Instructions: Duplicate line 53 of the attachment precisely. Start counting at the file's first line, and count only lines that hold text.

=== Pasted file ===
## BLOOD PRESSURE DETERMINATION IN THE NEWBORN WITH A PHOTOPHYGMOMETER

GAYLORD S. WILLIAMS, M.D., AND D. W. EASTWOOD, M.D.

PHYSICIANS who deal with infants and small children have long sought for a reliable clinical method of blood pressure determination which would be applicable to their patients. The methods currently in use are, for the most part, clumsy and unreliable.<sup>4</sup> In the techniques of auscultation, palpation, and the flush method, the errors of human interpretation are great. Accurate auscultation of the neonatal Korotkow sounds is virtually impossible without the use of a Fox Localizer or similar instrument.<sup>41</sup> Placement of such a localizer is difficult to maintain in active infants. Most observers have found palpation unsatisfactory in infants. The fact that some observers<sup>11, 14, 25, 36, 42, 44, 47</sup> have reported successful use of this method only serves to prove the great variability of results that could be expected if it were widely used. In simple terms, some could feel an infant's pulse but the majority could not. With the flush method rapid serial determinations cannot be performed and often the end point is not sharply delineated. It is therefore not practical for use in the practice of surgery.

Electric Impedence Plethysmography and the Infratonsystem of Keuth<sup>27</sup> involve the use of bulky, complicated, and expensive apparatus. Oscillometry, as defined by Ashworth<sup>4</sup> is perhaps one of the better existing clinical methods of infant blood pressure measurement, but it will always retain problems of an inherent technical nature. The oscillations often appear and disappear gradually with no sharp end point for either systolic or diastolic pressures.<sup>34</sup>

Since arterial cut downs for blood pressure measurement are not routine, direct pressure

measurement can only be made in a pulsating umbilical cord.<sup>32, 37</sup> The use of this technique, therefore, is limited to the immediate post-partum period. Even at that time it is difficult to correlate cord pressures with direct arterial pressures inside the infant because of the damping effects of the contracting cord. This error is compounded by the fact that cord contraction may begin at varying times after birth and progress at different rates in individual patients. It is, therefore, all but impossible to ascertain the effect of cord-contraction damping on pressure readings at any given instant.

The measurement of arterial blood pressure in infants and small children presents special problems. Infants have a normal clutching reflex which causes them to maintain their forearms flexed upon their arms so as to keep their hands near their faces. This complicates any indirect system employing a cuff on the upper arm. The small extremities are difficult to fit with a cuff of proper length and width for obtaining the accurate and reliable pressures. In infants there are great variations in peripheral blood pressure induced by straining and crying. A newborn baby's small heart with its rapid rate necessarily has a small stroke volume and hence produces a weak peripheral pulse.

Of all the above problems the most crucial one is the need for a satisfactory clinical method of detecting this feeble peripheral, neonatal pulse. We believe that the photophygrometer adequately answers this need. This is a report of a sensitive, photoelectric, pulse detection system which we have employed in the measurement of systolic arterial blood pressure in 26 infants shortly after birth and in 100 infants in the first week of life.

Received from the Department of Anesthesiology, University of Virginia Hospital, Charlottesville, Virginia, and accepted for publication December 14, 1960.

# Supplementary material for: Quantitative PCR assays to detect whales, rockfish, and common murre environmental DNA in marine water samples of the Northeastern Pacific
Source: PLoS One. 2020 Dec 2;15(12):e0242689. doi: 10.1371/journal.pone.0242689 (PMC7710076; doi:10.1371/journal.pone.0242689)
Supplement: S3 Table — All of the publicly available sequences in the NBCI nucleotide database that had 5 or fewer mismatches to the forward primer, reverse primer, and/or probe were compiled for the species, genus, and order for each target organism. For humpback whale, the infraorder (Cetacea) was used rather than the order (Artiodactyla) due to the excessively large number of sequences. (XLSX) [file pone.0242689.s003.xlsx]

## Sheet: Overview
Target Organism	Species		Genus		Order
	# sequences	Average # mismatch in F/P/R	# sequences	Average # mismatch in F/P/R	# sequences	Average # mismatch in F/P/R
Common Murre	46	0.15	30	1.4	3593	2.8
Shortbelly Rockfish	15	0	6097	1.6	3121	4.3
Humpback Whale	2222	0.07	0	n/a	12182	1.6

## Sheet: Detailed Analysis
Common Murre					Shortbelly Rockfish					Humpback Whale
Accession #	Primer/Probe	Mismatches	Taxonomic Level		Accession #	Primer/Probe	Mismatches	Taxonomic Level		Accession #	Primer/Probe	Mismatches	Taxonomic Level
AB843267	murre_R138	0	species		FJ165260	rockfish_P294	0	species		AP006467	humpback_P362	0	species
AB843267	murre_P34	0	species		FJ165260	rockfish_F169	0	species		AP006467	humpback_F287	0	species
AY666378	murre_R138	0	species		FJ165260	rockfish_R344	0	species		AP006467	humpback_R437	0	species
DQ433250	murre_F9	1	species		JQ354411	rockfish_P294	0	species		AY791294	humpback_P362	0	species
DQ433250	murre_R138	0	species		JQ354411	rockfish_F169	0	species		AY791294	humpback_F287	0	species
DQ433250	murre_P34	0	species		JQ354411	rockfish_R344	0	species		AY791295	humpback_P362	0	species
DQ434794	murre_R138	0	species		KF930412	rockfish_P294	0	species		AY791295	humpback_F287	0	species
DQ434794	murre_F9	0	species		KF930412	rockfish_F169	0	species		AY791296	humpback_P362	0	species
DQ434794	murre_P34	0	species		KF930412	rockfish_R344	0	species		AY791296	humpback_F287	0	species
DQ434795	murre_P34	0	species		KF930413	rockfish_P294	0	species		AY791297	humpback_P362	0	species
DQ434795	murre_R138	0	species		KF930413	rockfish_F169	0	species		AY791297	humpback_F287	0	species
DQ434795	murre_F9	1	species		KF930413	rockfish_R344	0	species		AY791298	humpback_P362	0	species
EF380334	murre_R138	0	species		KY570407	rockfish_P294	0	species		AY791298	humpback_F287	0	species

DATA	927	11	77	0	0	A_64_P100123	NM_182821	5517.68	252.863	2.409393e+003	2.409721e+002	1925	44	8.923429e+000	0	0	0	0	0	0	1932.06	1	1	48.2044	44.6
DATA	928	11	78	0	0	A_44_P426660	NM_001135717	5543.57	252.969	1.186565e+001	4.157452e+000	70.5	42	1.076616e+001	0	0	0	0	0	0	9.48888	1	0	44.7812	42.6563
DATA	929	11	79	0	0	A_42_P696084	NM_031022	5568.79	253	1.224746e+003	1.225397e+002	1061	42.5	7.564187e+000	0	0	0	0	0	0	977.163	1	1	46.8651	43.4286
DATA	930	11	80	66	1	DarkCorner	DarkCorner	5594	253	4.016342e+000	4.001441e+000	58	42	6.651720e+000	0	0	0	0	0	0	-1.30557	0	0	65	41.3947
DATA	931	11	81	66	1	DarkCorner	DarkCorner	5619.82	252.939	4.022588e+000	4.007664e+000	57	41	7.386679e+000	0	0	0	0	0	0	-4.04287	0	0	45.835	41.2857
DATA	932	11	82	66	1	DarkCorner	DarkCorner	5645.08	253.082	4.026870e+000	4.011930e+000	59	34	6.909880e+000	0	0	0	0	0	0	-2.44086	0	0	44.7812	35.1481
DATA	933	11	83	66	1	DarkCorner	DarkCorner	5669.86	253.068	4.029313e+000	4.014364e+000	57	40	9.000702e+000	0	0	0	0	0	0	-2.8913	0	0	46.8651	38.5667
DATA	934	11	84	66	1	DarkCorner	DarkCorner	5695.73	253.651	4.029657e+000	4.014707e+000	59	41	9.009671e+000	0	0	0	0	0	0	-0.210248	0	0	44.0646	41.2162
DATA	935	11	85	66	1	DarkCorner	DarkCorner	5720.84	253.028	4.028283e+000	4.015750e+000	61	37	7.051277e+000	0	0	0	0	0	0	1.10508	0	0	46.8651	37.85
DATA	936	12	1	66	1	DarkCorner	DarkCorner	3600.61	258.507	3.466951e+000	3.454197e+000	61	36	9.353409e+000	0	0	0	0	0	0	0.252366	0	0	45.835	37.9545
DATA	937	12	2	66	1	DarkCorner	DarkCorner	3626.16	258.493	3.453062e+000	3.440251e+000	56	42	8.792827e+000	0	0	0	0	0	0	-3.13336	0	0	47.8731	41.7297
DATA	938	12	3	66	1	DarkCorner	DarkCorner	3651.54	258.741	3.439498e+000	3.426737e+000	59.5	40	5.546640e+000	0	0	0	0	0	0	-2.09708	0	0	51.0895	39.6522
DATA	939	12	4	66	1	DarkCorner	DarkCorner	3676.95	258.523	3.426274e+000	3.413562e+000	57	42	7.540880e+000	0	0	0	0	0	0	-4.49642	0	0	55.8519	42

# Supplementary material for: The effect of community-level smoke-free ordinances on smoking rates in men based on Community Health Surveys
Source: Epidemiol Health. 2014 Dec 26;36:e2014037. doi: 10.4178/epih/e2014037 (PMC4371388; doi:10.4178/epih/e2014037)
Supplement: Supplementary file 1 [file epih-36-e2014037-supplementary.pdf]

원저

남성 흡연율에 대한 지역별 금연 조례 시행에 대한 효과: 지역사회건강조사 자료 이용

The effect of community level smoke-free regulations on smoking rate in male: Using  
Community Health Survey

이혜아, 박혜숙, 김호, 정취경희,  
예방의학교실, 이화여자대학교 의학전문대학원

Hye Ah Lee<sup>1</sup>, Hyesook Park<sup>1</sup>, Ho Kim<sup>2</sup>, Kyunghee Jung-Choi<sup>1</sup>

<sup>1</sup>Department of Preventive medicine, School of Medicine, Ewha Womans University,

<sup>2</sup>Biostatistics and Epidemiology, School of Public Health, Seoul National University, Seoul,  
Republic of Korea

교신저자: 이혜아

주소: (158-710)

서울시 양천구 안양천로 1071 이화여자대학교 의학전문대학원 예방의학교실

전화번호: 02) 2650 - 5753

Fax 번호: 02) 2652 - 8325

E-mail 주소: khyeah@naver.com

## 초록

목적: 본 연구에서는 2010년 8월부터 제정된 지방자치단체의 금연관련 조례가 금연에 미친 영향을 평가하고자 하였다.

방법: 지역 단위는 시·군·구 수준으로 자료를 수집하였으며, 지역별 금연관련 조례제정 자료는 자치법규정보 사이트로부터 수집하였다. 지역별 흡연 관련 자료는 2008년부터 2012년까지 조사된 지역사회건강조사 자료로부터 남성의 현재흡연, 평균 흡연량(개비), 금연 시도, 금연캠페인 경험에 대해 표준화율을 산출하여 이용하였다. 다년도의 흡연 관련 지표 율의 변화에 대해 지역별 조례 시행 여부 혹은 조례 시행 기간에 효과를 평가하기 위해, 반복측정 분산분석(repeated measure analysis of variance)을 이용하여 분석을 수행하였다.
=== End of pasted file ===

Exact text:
The effect of community level smoke-free regulations on smoking rate in male: Using  